April 29, 2016    Volume 23, No. 4

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U.S. Steel Industry Pleads With Uncle Sam To Stand Up For America Before The Industry Is Destroyed By China

By Richard A. McCormack

The United States steel industry is experiencing the greatest crisis in its history due to record import surges and cheap steel that is flooding global markets from Chinese state-owned and subsidized companies. The result is a steep loss of U.S. production capacity along with thousands of jobs. The impact, as described using the terms by those in the industry, has been "devastating" with long-term "severe" economic consequences for the United States. The situation poses "an existential threat" to the U.S. steel industry, notes Steel Dynamics Inc., the $8.8-billion steel producer based in Ft. Wayne Ind.

Steel industry executives, members of Congress from steel producing districts and industry workers are wondering why the U.S. government is not reacting in a significant or meaningful way. They pressed their case in Washington in April, describing the carnage to their companies, jobs and communities.

At least 13,500 steel workers have been laid off over the past year, a figure that does not include the ripple effect of additional job losses in supply chains and local economies.

Companies like ArcelorMittal are reeling. The company reported a net loss of $7.9 billion last year "largely due to the deterioration in global prices as a result of excess capacity in China," CEO Jim Baske told the Congressional Steel Caucus on April 14.

Other steel companies are suffering miserably. "We have seen import surges before, but this time the U.S. steel industry is being impacted by historically high levels of foreign-government subsidized steel being dumped into the U.S.," says TimkenSteel in written testimony presented to a meeting on the steel crisis held by the U.S. Trade Representative and the Commerce Secretary on April 12 - 13. "What makes it worse currently is we cannot see a light at the end of the tunnel. The U.S. steel industry has been decoupled from the modest growth in the rest of the economy."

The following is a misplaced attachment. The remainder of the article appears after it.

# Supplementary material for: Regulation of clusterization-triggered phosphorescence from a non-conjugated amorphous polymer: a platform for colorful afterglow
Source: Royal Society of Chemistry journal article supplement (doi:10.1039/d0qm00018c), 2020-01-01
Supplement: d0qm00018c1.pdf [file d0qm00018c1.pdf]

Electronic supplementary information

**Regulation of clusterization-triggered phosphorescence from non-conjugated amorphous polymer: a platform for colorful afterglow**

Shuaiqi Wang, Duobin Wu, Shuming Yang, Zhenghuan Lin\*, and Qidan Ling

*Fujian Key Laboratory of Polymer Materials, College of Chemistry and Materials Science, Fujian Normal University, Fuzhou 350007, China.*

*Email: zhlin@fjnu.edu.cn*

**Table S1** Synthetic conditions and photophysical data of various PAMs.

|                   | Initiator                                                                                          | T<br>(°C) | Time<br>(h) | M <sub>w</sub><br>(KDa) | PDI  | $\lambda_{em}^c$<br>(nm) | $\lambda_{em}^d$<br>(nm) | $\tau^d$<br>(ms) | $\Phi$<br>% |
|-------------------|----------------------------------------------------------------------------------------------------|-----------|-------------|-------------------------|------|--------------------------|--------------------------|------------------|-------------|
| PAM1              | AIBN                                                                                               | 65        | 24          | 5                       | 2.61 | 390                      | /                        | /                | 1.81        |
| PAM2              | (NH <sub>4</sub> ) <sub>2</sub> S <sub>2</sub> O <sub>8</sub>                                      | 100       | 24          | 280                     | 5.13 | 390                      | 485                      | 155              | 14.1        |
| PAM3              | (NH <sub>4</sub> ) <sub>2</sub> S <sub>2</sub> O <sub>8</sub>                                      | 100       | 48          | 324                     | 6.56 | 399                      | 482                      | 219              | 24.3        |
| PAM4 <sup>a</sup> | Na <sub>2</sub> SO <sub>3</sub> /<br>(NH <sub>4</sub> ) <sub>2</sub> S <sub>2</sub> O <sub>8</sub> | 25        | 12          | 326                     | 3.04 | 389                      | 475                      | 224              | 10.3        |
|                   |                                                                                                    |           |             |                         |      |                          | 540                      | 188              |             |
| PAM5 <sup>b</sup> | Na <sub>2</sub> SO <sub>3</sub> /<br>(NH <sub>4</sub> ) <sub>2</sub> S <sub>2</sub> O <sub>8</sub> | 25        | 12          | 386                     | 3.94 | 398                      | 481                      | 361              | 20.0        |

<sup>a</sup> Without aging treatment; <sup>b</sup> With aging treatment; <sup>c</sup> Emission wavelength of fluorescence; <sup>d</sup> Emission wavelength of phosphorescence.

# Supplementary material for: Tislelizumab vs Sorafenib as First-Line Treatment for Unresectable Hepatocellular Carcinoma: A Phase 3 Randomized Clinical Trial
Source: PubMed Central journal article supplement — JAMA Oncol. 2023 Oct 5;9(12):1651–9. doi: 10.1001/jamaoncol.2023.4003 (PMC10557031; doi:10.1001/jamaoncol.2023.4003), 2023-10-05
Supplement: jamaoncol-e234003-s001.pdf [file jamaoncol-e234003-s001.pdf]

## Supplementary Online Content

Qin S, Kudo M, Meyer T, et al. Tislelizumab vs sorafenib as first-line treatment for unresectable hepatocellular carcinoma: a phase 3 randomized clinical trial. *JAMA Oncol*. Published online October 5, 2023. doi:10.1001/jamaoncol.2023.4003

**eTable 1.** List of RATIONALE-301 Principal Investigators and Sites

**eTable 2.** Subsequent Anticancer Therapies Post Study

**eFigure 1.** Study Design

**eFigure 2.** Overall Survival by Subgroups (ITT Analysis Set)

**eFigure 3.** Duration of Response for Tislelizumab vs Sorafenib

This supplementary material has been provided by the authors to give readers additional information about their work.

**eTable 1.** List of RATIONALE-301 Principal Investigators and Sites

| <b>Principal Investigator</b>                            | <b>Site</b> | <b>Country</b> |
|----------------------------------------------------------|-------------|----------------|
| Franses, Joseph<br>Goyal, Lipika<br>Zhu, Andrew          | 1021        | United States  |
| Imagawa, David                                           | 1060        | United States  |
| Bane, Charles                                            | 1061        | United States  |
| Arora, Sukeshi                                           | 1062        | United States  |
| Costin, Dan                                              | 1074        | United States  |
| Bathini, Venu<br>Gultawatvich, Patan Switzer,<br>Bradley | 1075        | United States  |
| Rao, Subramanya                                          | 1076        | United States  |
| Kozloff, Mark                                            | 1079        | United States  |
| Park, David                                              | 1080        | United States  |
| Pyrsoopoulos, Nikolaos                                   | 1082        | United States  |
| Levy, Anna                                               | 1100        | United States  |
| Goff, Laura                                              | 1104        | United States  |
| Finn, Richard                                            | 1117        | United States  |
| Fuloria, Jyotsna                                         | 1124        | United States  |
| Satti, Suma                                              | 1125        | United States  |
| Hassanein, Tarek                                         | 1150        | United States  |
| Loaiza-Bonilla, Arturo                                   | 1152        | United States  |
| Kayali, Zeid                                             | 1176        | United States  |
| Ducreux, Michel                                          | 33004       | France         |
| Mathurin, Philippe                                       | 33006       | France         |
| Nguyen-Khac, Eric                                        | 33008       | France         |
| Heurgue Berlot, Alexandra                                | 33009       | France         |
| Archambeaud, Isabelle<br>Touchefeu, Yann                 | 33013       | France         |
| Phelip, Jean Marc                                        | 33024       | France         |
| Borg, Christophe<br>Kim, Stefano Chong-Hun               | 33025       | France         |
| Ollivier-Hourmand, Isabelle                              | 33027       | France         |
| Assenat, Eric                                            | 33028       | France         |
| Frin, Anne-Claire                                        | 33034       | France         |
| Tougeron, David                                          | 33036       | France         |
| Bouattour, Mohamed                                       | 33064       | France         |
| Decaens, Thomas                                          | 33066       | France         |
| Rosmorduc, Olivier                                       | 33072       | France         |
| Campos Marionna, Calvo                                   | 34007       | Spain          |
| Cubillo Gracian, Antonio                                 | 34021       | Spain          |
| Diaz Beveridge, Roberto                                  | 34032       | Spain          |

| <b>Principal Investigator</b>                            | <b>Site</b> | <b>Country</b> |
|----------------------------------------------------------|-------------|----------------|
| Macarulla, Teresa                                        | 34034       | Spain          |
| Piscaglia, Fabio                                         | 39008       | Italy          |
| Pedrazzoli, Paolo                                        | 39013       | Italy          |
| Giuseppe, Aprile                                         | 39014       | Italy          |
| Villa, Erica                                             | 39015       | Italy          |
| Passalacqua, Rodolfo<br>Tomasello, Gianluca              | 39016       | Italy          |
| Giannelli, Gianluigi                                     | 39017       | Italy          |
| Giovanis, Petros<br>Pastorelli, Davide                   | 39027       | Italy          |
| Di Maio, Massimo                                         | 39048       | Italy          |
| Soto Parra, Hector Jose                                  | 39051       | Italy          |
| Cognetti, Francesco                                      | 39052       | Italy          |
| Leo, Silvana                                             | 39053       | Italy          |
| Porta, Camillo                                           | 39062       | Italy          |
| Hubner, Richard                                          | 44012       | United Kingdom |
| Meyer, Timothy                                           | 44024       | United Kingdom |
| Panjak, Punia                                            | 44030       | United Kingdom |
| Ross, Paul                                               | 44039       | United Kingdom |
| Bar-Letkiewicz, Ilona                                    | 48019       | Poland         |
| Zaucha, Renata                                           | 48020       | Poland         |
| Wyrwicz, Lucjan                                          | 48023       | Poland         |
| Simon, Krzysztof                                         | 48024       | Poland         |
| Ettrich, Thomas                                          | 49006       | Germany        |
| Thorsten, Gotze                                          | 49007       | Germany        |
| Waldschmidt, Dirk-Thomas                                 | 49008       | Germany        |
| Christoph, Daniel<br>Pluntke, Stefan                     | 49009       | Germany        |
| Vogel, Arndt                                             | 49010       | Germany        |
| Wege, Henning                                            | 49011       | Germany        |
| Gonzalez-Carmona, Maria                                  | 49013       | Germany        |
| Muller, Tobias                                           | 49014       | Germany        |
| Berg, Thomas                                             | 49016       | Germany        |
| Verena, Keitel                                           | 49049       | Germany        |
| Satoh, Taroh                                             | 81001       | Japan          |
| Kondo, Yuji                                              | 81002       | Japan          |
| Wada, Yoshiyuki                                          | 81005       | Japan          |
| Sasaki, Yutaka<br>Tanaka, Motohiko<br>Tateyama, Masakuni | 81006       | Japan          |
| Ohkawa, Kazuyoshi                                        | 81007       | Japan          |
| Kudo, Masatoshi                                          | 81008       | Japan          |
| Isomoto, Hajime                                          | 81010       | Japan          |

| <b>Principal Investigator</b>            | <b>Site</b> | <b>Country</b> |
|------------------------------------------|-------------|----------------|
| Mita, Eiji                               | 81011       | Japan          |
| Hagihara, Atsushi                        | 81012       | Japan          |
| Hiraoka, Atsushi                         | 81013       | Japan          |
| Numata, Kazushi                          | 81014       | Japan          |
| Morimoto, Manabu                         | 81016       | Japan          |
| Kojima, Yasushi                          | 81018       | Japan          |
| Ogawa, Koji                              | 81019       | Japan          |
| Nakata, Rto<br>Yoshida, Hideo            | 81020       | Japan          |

In 2015, TimkenSteel, one of the world's most innovative producers, experienced a 34 percent decline in net sales. Its earnings were a negative $113.6 million. "This downturn is as deep and long as any we have seen," says the company. "The survival of the U.S. steel industry and the many jobs it supports depends upon improving enforcement tools enacted by the U.S. Congress and fully and aggressively using these tools to address the recent and ongoing import surge."

Global steel overcapacity has reached 700 million metric tons -- "seven times total U.S. production" of about 100 million metric tons, notes Scott Paul, President of the Alliance for American Manufacturing.

"This overcapacity exists largely because of [foreign] government policies," adds the Steel Manufacturers Institute. "These policies have had a direct and damaging impact on the American steel industry and threaten its long-term survival."

The only way to deal with foreign government intervention in the global steel industry is for the U.S. government to intervene on behalf of American producers, said most of the those making presentations to the panels.

With China refusing to reduce its capacity and dumping tens of millions of tons of steel on the global market, the U.S. steel industry is operating at 70 percent capacity utilization, "well below the levels necessary to be profitable," said Paul.

Paul noted that it's not only the U.S. steel industry that is being destroyed by China, but American aluminum, shipbuilding, glass, chemical, paper and rubber producers. China's aluminum production has increased from 11 percent of global output in 2000 to more than 50 percent today. Imports of paper from China nearly tripled from 2012 to 2014, from 23,600 metric tons to 62,400 metric tons. The result: eight uncoated [paper] mills have closed or are in shutdown," said Paul. Like others testifying, Paul recommended that the federal trade agencies stop their "whack-a-mole" approach to import surges by separately addressing a plethora of trade cases being filed by industries.